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Re: Draft Text on First Parties and Third Parties (ACTION-34, ISSUE-10, ISSUE-26, ISSUE-88)

From: David Wainberg <dwainberg@appnexus.com>
Date: Fri, 13 Jan 2012 15:43:15 -0500
Message-ID: <4F109763.9000406@appnexus.com>
To: Jonathan Mayer <jmayer@stanford.edu>
CC: Justin Brookman <justin@cdt.org>, "public-tracking@w3.org" <public-tracking@w3.org>
A reasonableness test may be appropriate for certain aspects of the 
American legal system, where we have judges to apply centuries of case 
law and societal norms. It is not appropriate or workable for a 
cutting-edge technical standard, with almost zero precedent, almost 
nothing to draw on as societal norms (which are quickly changing, btw), 
and almost zero clarity about who will be interpreting or enforcing it 
and when. We, as the experts, need to exercise our own expertise to 
translate what we think are reasonable practices into a clear and nearly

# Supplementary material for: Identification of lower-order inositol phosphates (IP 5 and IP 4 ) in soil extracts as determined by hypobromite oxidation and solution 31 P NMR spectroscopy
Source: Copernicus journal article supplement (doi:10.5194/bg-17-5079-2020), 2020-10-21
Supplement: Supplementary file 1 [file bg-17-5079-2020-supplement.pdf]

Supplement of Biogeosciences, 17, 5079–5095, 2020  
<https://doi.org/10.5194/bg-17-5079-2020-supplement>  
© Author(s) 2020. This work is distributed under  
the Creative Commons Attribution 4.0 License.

100% objective standard such that all parties who are trying in good 
faith to comply can do so with minimal guessing.

On 1/10/12 5:28 PM, Jonathan Mayer wrote:
> I think we may be talking past each other.  I mean "objective" as that 
> term is used in the American legal system (and many other legal 
> systems).  Hornbook law in a number of areas applies an objective 
> reasonableness test (often anthropomorphized as an "ordinary person," 
> "reasonable person," or "average person").  To the extent there's a 
> little play at the margin, Tom and I adopted the "average user" 
> formulation to clarify that survey data would be adequate to make a 
> determination.
Received on Friday, 13 January 2012 20:43:46 UTC

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